Also, third question; Will you deal with the apologist claim that belief in Jesus as God is to un-Jewish for the early Christians to come to have believed without actually having seen a resurrected Jesus as proof? This claim always strikes me as extremely naive.. Besides, isn’t the Old Testament FILLED with stories of Jews who had been as close to God as you can possibly be (without being Adam or Moses) who came to believe in other foreign gods? LOL I do have to admit that it’s rather complicated to explain why Paul, a pharisee, would have come to believe something so radical from his teachings.. But I certainly don’t find a number of scenarios and motives for such a transformation through natural mechanisms implausible.. Will you deal with that in the book?

    • Bart Ehrman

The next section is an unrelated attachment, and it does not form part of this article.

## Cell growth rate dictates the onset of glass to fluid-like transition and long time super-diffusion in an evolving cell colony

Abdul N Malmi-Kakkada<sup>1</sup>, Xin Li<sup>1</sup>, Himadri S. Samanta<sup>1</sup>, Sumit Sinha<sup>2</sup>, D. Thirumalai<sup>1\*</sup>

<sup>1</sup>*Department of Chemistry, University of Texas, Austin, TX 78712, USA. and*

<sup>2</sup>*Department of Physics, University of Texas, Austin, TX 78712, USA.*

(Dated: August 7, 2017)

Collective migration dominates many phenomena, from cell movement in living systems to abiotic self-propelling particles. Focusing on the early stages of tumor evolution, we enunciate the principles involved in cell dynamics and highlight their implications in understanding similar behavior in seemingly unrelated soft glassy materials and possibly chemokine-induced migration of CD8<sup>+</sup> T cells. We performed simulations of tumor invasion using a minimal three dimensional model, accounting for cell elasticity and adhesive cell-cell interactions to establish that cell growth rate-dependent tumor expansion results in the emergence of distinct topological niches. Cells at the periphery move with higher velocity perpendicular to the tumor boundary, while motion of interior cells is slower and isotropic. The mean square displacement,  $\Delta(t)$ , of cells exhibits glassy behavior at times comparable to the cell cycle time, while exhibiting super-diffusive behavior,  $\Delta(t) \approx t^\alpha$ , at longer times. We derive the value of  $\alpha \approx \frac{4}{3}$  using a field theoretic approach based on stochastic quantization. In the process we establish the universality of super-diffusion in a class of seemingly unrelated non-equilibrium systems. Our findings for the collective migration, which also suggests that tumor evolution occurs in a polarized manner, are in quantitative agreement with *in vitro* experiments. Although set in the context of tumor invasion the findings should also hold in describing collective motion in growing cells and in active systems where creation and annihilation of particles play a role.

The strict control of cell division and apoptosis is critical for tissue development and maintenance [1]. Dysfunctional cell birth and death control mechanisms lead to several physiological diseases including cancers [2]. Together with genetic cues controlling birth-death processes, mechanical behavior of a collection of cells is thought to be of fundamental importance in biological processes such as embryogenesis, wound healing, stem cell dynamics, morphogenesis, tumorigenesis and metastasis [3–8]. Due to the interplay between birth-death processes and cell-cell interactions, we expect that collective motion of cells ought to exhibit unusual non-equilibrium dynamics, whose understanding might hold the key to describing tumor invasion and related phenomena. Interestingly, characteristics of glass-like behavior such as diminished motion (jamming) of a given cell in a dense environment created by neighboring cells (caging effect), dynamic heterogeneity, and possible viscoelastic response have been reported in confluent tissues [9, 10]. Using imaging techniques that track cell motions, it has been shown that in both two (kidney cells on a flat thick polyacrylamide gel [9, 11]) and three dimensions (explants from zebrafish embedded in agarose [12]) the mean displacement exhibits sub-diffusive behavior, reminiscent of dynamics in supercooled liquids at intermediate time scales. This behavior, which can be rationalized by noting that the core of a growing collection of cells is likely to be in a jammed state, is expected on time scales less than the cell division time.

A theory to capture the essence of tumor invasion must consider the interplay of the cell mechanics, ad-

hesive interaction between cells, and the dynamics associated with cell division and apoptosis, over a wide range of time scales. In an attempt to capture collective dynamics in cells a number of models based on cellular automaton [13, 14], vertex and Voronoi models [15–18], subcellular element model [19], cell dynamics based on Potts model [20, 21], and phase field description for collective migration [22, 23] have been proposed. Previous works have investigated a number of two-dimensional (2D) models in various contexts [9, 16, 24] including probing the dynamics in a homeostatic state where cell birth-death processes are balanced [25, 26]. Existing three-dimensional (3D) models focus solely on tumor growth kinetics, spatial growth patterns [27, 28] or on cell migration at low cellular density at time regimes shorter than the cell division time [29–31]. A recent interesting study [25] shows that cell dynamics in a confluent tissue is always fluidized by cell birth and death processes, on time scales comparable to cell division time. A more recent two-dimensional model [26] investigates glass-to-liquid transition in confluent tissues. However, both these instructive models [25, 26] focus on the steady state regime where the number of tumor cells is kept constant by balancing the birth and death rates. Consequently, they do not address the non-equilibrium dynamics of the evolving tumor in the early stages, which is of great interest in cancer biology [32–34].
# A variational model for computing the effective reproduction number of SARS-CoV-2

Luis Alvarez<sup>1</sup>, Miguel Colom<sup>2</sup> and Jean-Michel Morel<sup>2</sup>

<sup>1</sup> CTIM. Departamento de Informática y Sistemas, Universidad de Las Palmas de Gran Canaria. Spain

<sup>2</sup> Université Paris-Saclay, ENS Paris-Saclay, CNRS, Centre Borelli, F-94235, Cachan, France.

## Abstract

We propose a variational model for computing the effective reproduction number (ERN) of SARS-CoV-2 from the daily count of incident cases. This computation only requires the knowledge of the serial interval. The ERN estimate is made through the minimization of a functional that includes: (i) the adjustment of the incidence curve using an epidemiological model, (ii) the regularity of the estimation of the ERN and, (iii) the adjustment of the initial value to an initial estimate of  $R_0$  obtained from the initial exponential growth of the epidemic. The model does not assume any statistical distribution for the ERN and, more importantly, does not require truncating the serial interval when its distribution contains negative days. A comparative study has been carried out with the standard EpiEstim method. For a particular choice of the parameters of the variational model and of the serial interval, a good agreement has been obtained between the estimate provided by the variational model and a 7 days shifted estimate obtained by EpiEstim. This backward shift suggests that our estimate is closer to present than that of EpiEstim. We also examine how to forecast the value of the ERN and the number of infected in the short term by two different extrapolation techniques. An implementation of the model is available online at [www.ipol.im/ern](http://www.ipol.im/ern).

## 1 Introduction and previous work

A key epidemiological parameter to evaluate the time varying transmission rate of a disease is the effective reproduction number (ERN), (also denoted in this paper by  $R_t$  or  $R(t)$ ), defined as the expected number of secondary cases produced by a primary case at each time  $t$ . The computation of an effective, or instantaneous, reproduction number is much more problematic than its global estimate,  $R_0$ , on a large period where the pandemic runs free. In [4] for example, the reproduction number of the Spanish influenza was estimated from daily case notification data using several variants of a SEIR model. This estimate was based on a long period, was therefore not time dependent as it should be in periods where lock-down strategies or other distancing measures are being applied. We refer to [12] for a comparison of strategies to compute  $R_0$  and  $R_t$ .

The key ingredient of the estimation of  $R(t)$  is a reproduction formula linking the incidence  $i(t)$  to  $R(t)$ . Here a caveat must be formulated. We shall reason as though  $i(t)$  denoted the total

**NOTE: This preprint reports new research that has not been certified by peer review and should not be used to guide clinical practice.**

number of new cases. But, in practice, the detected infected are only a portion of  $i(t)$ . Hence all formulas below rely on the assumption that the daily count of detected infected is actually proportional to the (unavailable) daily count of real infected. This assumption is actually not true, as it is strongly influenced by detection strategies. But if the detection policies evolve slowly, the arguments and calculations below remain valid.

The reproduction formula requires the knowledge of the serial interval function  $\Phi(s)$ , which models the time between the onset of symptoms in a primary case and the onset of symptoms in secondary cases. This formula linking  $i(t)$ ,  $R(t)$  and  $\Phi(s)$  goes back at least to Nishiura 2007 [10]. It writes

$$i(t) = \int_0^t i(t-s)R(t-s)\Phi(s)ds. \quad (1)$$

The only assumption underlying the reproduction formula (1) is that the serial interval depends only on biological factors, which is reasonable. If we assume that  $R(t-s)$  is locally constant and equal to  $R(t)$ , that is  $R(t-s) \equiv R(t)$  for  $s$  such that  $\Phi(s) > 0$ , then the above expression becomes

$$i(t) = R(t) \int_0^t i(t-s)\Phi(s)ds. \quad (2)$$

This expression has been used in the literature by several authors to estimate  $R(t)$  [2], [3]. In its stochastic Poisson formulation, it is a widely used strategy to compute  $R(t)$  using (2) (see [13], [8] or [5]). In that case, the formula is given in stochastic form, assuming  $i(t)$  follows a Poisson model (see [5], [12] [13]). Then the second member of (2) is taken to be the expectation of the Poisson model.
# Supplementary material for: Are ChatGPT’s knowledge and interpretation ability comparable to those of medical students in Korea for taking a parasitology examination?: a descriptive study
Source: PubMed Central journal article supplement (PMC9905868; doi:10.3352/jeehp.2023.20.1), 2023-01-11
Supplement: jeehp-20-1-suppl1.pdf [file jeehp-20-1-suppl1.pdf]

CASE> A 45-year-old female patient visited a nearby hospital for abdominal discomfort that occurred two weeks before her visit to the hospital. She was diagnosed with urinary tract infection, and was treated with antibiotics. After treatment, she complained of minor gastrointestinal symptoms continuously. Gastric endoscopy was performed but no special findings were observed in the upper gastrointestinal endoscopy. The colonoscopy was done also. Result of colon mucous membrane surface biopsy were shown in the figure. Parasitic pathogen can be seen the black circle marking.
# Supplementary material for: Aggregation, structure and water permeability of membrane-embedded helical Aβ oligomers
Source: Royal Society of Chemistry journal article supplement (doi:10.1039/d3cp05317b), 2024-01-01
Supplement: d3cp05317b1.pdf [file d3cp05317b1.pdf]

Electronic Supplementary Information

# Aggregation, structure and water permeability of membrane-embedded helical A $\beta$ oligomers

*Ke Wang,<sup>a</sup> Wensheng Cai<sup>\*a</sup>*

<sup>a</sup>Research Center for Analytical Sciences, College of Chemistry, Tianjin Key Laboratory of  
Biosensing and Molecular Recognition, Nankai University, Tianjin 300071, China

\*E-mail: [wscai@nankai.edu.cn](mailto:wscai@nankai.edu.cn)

Bart Ehrman  November 12, 2012

      My view is that the resurrection was indeed the key for making the followers of Jesus come to think that he was in some sense God. But that the earliest followers did not think that he had always been God, but that he was *made* into a divine being at the resurrection. For them, he did indeed die for the sins of others, but not because he was God (any more than the animals sacrificed for the sins of others were gods).

  18. Avatar
    fred  January 11, 2013

    Dr. Ehrman – Have you read Alan Segal’s “Paul the Convert: The Apostolate and Apostasy of Saul the Pharisee”? Segal hints at a couple of things that could be related to the defication of Jesus: